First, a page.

When it comes to the Web, groceries are one thing, and not a verypromising one at that. But what about prepared foods? It’s possible that your corner pizza store could be quietly writing an e-commerce success story.
In fact, hundreds of pizza shops are using the Web effectively. Some are going it alone, but many are using a Chicago, Illinois-based firm called QuikOrder.com.
QuikOrder says it is on target to handle US$10 million worth of online pizza sales this year. That’s up from a few thousand dollarsworth in 1999.
Now, $10 million is barely a blip on the e-commerce radar screen. Heck, some e-tailers lost that much before their CEO got out of bed this morning.But under the dreary gloom of a Nasdaq that might be trying to redefine the term “bottom,” any glimmer of hope is worth exploring.
No one in the pizza business has announced plans to move all of itsorders onto the Web any time soon. That’s not a reasonable goal. Any pizza shop that sets out to become an Internet pure play would probably fail miserably.
Nor is anyone trying to undo existing habits. Most people think along the lines of “let’s call in for a pizza.” But for young people, whosehabits haven’t yet been formed — and for whom doing things on the Web comesnaturally — it makes sense to dangle a new option out there for them totry.
Here comes the tasty part: Pizza shops that have been using QuikOrder findthey can charge a premium for Web pizzas. Why? Well, for one thing, they’vedone their homework and know that their Internet shoppers are an affluent bunch. They know that for now at least, there’s littlecompetition in the Web space.
But above all, they know that people will payfor convenience.
Is the Web that much better than a phone call? For the average consumer,maybe — or maybe not. It probably takes, what, a minute to order a pizza onthe phone? It’s tough to envision the Internet cutting that time down by much, if at all.
But there are upsides. How many of those little takeout menus have you lostor misplaced in your life? They’re always hanging around until you needthem, then they disappear. Click over to the pizza shop’s Web site and voila, there’s the entire menu sans tomato sauce stains.
And the QuikOrder system is now being tested across the U.S. by the Domino’s chain, which has a one-click feature that enables customers to duplicate their last order quickly.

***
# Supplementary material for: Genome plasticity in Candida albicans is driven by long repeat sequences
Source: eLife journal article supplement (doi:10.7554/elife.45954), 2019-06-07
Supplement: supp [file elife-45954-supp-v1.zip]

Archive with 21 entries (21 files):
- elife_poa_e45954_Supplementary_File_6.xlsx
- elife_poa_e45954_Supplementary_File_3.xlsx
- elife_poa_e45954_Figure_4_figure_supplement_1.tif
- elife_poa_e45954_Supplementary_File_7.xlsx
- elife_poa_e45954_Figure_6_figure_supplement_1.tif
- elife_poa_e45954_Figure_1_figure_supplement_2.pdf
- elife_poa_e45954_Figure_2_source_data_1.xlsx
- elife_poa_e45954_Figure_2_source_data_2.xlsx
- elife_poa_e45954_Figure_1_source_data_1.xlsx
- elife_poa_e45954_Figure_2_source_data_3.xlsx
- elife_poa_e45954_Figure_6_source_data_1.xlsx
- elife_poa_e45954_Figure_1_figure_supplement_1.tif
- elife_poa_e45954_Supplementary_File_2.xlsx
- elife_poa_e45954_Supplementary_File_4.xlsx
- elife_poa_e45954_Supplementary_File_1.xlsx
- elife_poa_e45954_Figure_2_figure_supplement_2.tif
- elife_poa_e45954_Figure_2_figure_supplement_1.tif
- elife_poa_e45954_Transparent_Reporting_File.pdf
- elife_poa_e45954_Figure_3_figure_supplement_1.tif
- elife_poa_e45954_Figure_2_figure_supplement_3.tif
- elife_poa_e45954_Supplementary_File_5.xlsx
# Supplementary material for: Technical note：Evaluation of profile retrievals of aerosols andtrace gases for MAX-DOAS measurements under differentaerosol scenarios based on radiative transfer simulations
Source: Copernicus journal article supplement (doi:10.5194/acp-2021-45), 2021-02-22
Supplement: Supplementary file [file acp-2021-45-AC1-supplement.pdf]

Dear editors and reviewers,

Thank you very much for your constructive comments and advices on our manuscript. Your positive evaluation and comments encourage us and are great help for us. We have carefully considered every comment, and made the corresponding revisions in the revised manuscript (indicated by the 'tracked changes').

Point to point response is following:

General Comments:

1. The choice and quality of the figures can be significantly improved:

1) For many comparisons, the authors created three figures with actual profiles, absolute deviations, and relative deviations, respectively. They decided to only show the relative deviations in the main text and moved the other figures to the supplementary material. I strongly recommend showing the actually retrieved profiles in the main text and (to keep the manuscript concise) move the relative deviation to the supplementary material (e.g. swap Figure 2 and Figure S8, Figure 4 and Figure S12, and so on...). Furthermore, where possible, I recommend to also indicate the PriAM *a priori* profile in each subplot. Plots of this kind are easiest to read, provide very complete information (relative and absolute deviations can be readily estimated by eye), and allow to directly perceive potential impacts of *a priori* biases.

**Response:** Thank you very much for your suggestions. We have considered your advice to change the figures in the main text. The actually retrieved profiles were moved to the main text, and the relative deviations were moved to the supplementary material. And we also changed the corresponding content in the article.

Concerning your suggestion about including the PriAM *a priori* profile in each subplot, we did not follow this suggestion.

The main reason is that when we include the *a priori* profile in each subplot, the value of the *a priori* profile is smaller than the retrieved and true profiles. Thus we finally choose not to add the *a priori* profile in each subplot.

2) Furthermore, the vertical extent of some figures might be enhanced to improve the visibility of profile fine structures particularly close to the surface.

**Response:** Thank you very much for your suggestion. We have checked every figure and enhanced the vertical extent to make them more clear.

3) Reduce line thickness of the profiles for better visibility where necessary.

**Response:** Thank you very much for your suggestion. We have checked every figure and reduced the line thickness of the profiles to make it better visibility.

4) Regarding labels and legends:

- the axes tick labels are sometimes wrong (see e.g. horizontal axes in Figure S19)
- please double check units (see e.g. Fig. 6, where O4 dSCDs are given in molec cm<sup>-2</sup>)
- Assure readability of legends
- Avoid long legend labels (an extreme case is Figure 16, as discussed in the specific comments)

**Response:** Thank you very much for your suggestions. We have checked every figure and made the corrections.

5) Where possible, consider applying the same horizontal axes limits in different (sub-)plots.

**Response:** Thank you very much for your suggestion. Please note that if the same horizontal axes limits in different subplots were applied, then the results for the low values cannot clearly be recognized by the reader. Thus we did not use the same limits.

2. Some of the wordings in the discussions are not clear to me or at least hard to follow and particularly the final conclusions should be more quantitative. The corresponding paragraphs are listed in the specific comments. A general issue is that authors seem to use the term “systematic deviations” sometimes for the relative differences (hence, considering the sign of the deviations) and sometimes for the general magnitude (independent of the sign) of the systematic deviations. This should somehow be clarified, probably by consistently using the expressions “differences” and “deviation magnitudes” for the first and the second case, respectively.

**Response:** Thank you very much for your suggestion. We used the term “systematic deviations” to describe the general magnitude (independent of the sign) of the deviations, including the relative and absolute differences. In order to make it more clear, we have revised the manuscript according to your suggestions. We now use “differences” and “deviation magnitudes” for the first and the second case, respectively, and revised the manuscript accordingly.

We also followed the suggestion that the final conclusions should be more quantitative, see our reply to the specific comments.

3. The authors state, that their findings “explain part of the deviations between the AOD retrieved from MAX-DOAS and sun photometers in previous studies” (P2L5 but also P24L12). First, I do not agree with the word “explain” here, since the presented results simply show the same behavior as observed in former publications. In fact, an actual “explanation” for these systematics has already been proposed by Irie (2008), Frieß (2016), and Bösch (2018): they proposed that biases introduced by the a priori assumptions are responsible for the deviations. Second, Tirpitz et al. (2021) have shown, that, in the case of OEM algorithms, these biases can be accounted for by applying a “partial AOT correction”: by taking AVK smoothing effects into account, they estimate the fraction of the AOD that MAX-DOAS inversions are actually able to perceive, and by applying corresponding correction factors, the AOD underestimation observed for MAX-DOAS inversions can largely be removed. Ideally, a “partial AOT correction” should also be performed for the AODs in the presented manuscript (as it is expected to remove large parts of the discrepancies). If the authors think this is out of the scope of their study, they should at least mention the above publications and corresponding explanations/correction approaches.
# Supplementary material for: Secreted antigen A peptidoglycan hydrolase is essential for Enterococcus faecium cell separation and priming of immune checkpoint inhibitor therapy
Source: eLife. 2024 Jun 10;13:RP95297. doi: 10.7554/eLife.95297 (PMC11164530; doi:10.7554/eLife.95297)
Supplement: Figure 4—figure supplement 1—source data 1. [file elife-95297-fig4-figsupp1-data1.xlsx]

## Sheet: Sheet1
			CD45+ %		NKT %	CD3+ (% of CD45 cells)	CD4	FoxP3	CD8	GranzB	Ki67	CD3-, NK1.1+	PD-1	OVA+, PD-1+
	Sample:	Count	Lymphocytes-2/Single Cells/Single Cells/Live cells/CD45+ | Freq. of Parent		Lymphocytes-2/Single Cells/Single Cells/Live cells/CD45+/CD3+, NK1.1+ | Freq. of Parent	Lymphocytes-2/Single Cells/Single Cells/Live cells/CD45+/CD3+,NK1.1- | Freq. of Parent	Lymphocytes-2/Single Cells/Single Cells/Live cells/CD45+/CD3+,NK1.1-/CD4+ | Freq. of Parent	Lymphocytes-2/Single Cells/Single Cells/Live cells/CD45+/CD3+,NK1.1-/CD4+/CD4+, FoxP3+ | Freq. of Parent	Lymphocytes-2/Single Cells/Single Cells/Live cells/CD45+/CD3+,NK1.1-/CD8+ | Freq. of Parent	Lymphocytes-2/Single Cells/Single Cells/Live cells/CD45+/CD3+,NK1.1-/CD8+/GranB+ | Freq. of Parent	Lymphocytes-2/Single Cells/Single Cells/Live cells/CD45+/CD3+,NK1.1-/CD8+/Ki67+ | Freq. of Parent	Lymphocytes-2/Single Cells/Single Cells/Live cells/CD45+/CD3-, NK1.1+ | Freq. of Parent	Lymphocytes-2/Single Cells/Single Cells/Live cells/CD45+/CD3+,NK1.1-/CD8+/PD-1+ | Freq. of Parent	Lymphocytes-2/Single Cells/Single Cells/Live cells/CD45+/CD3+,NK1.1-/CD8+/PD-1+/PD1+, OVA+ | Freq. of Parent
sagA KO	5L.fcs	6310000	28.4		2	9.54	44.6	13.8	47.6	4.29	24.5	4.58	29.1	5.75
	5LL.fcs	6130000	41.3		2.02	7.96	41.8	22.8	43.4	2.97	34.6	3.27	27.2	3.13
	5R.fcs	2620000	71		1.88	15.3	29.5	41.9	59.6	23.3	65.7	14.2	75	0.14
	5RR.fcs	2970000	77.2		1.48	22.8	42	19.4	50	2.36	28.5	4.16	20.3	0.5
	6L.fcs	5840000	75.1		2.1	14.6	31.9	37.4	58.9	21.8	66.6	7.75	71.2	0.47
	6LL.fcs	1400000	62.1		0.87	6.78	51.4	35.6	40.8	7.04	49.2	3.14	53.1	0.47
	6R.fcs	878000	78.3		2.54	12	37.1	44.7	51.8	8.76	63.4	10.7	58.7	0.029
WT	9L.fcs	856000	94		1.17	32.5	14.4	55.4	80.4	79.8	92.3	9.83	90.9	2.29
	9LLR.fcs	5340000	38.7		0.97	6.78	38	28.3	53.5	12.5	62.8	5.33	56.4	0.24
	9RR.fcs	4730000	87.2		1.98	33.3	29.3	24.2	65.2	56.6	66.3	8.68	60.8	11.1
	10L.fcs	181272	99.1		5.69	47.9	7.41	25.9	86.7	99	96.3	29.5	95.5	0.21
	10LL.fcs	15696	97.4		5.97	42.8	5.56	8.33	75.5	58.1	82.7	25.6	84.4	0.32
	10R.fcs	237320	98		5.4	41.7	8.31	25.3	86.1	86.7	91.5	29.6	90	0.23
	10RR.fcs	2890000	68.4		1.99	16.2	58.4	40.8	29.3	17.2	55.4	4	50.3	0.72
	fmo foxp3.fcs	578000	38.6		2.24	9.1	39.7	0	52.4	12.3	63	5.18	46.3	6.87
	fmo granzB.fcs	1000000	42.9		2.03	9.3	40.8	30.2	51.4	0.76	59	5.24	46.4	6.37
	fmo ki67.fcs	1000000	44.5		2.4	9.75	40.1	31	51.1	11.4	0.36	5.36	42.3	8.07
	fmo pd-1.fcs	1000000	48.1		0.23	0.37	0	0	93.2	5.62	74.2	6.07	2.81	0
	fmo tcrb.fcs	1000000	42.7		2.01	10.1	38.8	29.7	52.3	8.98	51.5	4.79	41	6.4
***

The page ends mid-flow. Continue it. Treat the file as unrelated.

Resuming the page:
There’s another advantage. With online ordering, the pizza company has the ability for the site to sort and storeorders, while the customer has the luxury of ordering ahead of time. Let’s say you’ve got time to order the pizza now, but don’t need ituntil dinner. You can fill in a specific delivery or pickup time. Try thatwith a harried counter person on the phone and you’re liable to go hungry.
For the pizza shop, the upside potential of the Web is even greater. Ordersare placed without a human being intervening. That means that the peoplebehind the counter can go on serving customers or making new pizzas withoutstopping to answer the phone. One shop using online ordering reportedly cut the order-taking costto 30 cents, about half of what the shop estimated phone orders cost.
The big question of e-commerce has always been whether e-commerceefforts by traditional businesses actually increase sales. Are the same people placing the same orders through a different medium, or do Internet sales add to the bottom line?
This question has lost meaning over time. Now that the days of milk and honey are over, the big question of e-commerce is: how can a company cut costs and boost margins — even if incrementally?
Nice Price for a Slice
Now remember, cool heads must prevail. Instant riches from online pizzasales? Not likely. An overnight IPO? Nope. Stock options for the cooks and delivery people? Not in the plans.
But watch out, because a few cents on the cost side here and another dollarin the per-unit sales price there, compounded over millions of pizzas, could start to add up to something.
What do you think? Let’s talk about it.
Note: The opinions expressed by our columnists are their own and do not necessarily reflect the views of the E-Commerce Times or its management.